I’m not in the habit of buying organic out of a sense of schadenfreude for those less fortunate. They don’t even enter into it. Mostly, I feel good about doing what I think is the right thing and I look forward to the meal that will come later.

Myers rails against the gourmet’s inability to appreciate the higher arts or abstract discussion. Either he’s being willfully ignorant or playing at being a lightning-rod for debate. I could refute him by bringing up examples, both personal and historical, of well-rounded people who were interested in all three but why bother? It’s self-evident.

Many people also don’t care much for the arts or eating well and while I don’t feel that I have much in common with them in that regard, I’m not even close to approaching the same level of vehemence that Myers seems to reserve for his opposition.

By tarring and feathering anyone who loves food as a blood-thirsty hedonist, he is placing them together in a grouping that has never existed. Foodism has just as many vegetarians as carnivores and I know of no food-lovin’ bible positing the two as mutually-exclusive. Look at the Woodlot, the restaurant on Palmerston Avenue, that offers two menus; one for vegetarians and the other for omnivores.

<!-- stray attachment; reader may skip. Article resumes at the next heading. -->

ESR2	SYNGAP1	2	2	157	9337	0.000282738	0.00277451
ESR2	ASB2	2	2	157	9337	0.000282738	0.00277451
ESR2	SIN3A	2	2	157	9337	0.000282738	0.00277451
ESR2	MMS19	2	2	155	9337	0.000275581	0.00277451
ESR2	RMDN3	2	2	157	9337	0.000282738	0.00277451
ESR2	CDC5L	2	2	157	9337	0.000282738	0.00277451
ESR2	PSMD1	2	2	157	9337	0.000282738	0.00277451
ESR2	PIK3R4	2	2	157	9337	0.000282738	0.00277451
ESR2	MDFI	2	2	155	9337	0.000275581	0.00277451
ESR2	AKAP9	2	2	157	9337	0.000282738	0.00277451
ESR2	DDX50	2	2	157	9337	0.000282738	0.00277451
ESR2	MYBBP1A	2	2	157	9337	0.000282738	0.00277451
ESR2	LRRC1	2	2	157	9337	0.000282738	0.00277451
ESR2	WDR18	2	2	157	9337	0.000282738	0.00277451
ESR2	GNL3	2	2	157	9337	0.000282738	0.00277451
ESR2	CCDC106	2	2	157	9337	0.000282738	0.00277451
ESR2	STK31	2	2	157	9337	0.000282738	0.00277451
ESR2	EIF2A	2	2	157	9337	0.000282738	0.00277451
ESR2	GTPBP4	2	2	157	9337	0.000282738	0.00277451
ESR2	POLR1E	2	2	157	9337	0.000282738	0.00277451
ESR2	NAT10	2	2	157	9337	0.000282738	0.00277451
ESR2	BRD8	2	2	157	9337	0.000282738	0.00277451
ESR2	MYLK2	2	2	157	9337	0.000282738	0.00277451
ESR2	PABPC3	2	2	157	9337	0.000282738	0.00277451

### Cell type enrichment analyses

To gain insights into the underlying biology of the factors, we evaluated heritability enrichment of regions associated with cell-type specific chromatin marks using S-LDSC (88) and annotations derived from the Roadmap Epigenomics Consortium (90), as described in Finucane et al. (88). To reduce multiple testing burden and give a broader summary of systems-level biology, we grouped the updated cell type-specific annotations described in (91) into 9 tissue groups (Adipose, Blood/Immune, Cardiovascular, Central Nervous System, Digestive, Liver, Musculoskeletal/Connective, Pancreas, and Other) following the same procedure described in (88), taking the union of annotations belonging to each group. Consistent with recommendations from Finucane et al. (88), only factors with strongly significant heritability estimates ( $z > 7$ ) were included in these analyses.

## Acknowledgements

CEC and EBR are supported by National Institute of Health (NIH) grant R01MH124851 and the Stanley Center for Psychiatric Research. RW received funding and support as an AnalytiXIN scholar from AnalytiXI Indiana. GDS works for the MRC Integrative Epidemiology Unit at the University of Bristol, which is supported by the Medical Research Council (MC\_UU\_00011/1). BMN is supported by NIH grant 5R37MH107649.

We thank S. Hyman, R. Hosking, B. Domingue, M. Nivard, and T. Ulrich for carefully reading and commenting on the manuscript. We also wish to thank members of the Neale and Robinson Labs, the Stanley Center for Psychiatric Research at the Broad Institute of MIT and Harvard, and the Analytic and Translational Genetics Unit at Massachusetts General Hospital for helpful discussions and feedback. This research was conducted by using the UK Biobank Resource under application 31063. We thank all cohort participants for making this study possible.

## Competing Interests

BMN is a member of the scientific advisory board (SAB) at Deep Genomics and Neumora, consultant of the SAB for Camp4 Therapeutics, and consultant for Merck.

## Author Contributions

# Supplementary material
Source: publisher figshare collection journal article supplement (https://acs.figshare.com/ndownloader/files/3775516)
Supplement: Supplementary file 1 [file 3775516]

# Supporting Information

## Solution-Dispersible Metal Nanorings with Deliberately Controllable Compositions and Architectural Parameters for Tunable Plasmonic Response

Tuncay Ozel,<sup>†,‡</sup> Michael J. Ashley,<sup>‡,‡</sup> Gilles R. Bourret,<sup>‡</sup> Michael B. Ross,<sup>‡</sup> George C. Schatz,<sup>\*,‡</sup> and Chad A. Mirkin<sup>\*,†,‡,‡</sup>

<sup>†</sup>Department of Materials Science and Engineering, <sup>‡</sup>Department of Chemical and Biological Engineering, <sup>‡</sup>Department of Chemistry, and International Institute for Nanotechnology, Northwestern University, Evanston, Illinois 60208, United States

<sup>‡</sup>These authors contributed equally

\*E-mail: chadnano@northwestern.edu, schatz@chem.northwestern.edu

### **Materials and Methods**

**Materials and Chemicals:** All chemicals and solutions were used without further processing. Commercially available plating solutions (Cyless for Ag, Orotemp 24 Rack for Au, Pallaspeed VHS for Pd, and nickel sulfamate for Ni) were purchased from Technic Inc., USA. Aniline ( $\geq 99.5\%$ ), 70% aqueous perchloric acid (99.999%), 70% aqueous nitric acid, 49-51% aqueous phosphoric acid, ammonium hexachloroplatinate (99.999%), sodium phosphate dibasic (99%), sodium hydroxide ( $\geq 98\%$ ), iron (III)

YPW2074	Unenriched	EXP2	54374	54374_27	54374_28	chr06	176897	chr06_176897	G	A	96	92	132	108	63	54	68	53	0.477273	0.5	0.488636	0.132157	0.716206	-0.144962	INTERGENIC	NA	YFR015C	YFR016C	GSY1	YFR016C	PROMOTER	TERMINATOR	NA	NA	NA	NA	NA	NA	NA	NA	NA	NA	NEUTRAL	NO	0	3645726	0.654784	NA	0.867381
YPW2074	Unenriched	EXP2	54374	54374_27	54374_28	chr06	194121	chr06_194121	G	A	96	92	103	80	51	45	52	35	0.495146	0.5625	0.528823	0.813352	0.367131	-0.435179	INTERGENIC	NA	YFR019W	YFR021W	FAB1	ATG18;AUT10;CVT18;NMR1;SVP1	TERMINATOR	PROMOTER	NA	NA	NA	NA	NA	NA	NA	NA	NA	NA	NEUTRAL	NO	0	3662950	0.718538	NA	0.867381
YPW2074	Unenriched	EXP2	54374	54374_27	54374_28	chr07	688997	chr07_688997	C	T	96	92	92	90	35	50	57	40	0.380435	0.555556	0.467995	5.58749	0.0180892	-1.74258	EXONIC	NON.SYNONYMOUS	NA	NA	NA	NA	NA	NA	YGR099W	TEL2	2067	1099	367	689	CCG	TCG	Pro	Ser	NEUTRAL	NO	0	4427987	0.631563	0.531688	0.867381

And what of those for whom cooking largely revolves around the use of a microwave? I have a hunch Myers doesn’t think much of them either which puts him way off in left field, in the company of other sanctimonious vegans. Maybe they could team up the dumpster divers and have a pity party?

YouTube Preview Image

The vast majority of people just want to eat good food. They want to have a decent lunch and maybe go out occasionally for a nice dinner. They’re probably happy with the food they’re already eating. Myers isn’t speaking for them. If anything, they probably like what Bourdain has to say more. Hell, I’d bet that even Pollan’s most memorable quote, “Eat food. Not too much. Mostly plants.” from The Omnivore’s Dilemma has to potential to appeal a broader range of folks.